Network security: The weakest link
By Capt. Theresa Thomas , 39th Communications Squadron information assurance flight chief
/ Published November 29, 2006
INCIRLIK AIR BASE, Turkey --
It's Monday morning and the 39th Communications Squadron information assurance office is flooded with phones calls. The majority of the phone calls deal with common access card personal identification number or user name and password updates. Without support, many accounts would be deleted from the network within 24 hours.
Most computer users are familiar with tactics that exploit network vulnerabilities such as viruses, worms, and Trojan horses, but few are familiar with techniques such as social engineering and phishing scams a.k.a. "Spear Phishing."
Social engineering is a form of intelligence-gathering by people who want to disrupt or cause damage to network resources. Trickery techniques to obtain information may consist of talking, listening, looking, and/or passing themselves off as something else.
"Social engineers use deception, influence and persuasion to get their information," said Senior Master Sgt. Michael Schorn, 39th CS information systems flight superintendent. "They get people to do things they normally would not do. Essentially, it's a hacker's clever manipulation of the natural human tendency to trust."
Social engineering can occur in several forms of human deception with something as simple as a phone call and posing as a person who you feel can be trusted, like someone alleging to be higher ranking, or stating they know a mutual friend.
Social engineering tactics may involve attempts to obtain small amounts of information from several sources, such as old phone books or rosters that give names, titles and phone numbers within an organizational structure.
"Social engineers may target a number of different employees, especially those new to the organization because they do not understand, or may not care about the value of the information released," said Staff Sgt. Rickesia Bryant, 39th CS information assurance office.
Network experts believe social engineers' end result is to gain unauthorized access to systems or information in order to commit fraud, network intrusion, industrial espionage, identity theft, or simply to disrupt the system or network. How many people bother to check the credentials of someone who shows up to "repair" a computer?
"It's easy to pose as an insider when you know the unit structure and leadership," said Sergeant Bryant.
Fake e-mails, known as phishing scams, are also part of a social engineer's toolkit..
"When you receive an e-mail that appears to come from a legitimate source such as a bank, a credit card company or phony network account, a phishing scam has occurred," said Staff Sgt. Amber Koehler, 39th CS information protection office. "The e-mail may ask for 'verification' of information and warn of some dire consequence if it is not done such as 'your account will be disabled on such date."
The originator may request help to download and install software from a website or request help to forward a document because their computer is broken.
"It can even warn of an event occurring on the network requiring your PIN or password to prevent your account from being disabled or your computer from being disconnected from the network," said Sergeant Koehler. "In every case, the request will appear genuine but usually contain a link to a fraudulent Web page, a form requesting personal information to verify ATM card information or, may ask for PIN or passwords to network accounts."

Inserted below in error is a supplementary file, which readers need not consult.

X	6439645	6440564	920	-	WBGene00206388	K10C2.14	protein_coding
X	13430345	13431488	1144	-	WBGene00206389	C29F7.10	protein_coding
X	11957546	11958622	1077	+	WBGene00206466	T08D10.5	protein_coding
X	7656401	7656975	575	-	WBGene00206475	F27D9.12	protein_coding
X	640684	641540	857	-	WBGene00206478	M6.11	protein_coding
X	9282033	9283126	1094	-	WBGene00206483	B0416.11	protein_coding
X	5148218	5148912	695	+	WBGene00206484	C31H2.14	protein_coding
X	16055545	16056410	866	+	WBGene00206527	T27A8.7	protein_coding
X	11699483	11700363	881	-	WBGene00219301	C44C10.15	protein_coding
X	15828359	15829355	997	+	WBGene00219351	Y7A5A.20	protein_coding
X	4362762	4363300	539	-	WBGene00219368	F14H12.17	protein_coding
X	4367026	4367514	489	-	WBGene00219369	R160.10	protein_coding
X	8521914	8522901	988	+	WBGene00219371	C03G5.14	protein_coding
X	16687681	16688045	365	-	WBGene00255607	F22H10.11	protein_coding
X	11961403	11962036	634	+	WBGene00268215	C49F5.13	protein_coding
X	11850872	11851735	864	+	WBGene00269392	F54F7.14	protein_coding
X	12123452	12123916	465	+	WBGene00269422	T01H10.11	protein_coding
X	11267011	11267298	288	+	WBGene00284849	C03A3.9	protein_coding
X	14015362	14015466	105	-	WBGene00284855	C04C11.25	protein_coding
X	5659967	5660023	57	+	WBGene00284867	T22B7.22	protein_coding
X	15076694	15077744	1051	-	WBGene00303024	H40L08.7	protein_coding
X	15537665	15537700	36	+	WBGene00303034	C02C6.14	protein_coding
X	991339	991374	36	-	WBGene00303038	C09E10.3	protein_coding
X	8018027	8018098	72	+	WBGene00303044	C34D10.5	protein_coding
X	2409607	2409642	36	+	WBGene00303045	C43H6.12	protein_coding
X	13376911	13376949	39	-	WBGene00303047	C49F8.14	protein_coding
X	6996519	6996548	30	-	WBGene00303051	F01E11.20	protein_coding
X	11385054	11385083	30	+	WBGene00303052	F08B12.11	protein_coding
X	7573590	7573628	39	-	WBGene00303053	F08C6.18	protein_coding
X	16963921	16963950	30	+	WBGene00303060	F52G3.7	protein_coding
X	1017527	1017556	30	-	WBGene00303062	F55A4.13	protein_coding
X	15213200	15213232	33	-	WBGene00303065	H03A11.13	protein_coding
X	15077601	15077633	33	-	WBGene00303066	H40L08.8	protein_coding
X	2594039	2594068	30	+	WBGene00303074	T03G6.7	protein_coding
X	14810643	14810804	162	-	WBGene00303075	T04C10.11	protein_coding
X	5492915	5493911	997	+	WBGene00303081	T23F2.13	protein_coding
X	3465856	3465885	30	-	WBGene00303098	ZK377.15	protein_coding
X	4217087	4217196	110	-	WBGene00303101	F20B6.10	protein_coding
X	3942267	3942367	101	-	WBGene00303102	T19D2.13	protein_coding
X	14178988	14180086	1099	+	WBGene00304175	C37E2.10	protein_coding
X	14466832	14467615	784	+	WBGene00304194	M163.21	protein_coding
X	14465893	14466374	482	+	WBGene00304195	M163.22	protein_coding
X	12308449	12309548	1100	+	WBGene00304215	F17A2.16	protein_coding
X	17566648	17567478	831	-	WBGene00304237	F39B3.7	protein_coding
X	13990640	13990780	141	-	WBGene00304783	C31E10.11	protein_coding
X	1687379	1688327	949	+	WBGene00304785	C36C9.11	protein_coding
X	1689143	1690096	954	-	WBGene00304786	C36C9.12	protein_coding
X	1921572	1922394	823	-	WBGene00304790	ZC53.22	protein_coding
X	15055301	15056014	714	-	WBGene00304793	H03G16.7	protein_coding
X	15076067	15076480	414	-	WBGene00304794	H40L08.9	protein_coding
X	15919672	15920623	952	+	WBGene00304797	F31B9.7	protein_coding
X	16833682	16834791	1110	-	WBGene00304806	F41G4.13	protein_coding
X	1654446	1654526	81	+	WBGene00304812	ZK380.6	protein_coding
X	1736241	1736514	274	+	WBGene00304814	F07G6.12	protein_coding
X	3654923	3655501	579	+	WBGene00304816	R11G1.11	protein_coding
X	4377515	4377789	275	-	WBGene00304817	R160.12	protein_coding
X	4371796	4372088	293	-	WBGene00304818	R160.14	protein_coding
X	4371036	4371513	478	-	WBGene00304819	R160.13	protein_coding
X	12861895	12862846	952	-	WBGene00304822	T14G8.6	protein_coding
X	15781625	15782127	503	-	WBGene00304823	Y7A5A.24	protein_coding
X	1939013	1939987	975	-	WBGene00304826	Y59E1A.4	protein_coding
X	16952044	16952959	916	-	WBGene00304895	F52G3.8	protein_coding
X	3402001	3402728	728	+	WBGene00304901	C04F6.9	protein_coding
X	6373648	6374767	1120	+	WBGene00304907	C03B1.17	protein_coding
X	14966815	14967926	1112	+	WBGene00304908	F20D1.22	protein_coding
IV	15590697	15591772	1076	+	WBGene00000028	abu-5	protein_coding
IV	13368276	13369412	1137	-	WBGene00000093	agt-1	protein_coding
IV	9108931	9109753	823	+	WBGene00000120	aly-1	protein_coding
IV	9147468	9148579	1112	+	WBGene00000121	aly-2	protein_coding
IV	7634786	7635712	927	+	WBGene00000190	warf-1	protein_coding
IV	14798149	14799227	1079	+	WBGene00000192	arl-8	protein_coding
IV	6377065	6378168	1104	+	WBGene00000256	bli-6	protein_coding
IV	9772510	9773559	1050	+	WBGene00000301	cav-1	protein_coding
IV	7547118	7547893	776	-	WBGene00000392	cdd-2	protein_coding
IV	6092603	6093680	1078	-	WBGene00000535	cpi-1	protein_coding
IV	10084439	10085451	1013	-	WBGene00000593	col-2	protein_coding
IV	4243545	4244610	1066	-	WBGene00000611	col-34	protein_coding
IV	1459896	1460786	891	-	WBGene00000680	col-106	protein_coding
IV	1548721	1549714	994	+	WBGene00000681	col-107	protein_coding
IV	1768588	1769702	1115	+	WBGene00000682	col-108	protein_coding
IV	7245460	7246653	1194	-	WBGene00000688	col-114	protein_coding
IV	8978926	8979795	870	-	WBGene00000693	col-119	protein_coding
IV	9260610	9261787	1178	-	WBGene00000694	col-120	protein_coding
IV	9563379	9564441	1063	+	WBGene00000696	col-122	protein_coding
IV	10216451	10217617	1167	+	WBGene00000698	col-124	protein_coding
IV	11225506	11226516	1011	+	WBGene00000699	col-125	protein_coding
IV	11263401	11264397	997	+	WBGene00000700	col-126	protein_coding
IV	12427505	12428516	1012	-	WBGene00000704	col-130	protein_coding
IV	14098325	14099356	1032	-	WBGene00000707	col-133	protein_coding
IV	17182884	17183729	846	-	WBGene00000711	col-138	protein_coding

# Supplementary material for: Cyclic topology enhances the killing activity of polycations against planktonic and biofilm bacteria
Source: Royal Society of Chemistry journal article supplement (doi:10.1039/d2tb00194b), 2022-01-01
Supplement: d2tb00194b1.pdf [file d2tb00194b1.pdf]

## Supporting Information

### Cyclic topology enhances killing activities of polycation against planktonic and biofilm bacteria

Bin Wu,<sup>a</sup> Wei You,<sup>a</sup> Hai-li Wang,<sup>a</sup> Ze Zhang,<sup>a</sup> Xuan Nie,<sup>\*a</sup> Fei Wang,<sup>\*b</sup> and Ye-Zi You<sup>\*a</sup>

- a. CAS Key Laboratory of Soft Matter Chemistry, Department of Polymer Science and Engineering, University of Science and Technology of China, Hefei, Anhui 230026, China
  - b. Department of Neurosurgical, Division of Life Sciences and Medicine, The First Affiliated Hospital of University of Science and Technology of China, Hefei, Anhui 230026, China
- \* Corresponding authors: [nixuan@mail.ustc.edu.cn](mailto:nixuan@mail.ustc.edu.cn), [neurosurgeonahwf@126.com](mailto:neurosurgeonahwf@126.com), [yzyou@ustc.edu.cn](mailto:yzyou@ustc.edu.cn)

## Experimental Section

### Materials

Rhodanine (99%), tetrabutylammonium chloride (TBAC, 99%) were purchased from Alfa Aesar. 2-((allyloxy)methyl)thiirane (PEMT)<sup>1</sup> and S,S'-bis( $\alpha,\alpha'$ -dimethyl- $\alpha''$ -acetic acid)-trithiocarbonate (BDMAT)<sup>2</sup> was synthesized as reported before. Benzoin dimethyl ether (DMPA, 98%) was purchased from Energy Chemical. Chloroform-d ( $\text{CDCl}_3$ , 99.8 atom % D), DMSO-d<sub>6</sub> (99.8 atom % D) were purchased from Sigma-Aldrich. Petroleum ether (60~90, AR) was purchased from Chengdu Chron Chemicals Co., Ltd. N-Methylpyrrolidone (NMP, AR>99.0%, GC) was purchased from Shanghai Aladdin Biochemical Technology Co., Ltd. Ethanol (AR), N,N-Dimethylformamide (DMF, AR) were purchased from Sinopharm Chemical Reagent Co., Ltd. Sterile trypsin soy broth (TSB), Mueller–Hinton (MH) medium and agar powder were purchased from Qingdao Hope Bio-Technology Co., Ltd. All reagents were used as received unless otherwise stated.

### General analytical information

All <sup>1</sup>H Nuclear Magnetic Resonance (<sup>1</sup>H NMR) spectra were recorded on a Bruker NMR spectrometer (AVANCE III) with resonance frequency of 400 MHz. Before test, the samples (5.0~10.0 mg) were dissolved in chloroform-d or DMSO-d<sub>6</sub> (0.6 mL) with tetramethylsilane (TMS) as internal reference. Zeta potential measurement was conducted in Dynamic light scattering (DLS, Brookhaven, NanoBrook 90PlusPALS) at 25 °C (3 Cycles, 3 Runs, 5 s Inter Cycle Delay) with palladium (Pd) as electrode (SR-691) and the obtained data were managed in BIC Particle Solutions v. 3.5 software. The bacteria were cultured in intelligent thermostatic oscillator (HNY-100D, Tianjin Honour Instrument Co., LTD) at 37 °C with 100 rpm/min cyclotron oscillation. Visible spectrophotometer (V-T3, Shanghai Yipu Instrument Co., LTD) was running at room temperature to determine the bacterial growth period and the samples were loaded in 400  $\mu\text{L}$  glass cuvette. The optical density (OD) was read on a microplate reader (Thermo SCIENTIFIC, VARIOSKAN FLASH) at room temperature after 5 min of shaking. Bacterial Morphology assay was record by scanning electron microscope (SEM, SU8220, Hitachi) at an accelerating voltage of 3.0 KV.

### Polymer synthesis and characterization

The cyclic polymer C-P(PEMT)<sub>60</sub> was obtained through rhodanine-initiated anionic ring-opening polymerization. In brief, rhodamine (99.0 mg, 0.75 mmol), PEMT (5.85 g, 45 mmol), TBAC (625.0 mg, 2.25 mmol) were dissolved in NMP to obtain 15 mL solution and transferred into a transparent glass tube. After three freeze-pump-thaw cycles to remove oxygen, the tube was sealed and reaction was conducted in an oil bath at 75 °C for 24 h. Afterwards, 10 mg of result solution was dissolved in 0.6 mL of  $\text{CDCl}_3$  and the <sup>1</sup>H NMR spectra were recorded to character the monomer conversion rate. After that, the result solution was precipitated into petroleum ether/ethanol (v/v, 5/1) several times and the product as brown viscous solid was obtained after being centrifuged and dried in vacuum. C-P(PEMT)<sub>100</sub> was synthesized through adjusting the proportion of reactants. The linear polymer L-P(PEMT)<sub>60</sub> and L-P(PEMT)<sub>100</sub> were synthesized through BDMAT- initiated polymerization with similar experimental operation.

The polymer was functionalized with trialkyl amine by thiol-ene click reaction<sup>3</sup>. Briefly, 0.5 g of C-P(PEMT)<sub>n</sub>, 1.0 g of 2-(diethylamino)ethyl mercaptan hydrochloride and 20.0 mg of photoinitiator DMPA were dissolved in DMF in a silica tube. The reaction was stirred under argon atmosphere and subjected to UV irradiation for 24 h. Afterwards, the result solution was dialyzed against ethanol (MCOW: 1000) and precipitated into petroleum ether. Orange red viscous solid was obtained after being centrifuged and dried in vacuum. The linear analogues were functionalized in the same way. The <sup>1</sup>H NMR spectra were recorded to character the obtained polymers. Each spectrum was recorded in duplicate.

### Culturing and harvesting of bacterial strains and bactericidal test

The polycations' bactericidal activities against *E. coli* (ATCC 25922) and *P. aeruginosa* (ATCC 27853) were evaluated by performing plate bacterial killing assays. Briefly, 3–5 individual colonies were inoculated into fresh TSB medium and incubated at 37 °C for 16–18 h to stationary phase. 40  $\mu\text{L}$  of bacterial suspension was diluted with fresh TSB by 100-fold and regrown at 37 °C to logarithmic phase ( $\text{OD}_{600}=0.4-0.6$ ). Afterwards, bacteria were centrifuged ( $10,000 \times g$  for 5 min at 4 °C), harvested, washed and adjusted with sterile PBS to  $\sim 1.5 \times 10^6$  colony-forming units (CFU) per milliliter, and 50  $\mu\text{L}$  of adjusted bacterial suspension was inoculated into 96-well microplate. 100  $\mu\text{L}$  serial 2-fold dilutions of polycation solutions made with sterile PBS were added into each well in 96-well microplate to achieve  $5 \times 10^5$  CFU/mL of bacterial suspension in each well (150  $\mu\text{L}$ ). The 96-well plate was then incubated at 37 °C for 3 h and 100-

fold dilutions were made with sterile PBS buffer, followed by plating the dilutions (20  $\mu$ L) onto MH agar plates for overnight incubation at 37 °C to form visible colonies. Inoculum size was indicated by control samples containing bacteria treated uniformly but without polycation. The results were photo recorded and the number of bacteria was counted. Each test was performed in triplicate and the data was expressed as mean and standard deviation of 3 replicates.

There are measures every network user can take to protect themselves. The 39th CS network information protection office specializes in protecting the "front door," or firewall, using technology and monitoring tools; while the "back door" is left vulnerable to insider threats. The human vulnerability -- Incirlik's 3,500 network users operating on the inside of the network - is potentially the weakest link.
"While techniques to manipulate people to divulge critical information will continue to exist, network users can protect themselves and the network by applying a few simple rules when computing on a network," said Maj. Michael Cote, 39th CS commander.
The rules are:
-- Never download or run illegal software from someone you do not trust.
-- Never reply to e-mail requests for personal or financial information such as account numbers or passwords. Again, never give out your PIN or password.
-- Never select the option to store passwords in your browsers.
-- Do not open e-mails, links, attachments, or images from senders you do not know.
Always validate the source of the e-mail by contacting the company that is the subject of the e-mail to check that the e-mail is legitimate.
-- Update time compliance network orders (software security patches) as required.
-- Type in a trusted Web address for the company's Web site using the address bar of your Internet browser to bypass the link in the suspected phishing message -- never connect using the Web link in the message.
"The bottom line is network security is everyone's business," said Major Cote. "People must maintain a constant vigilance and exercise caution when dealing with suspicious e-mail whether at home or at work."
It only takes one weak link to create a vulnerability that affects the entire network.
Educational awareness and good network practices will help prevent users from becoming the weakest link. Always practice good operational and computer security --the security of the network and our military operations are relying on it.
If you feel like you are a victim of social engineering or want to report a suspected phishing scam, call the wing information assurance office at 676-6146, or your client systems administrator immediately.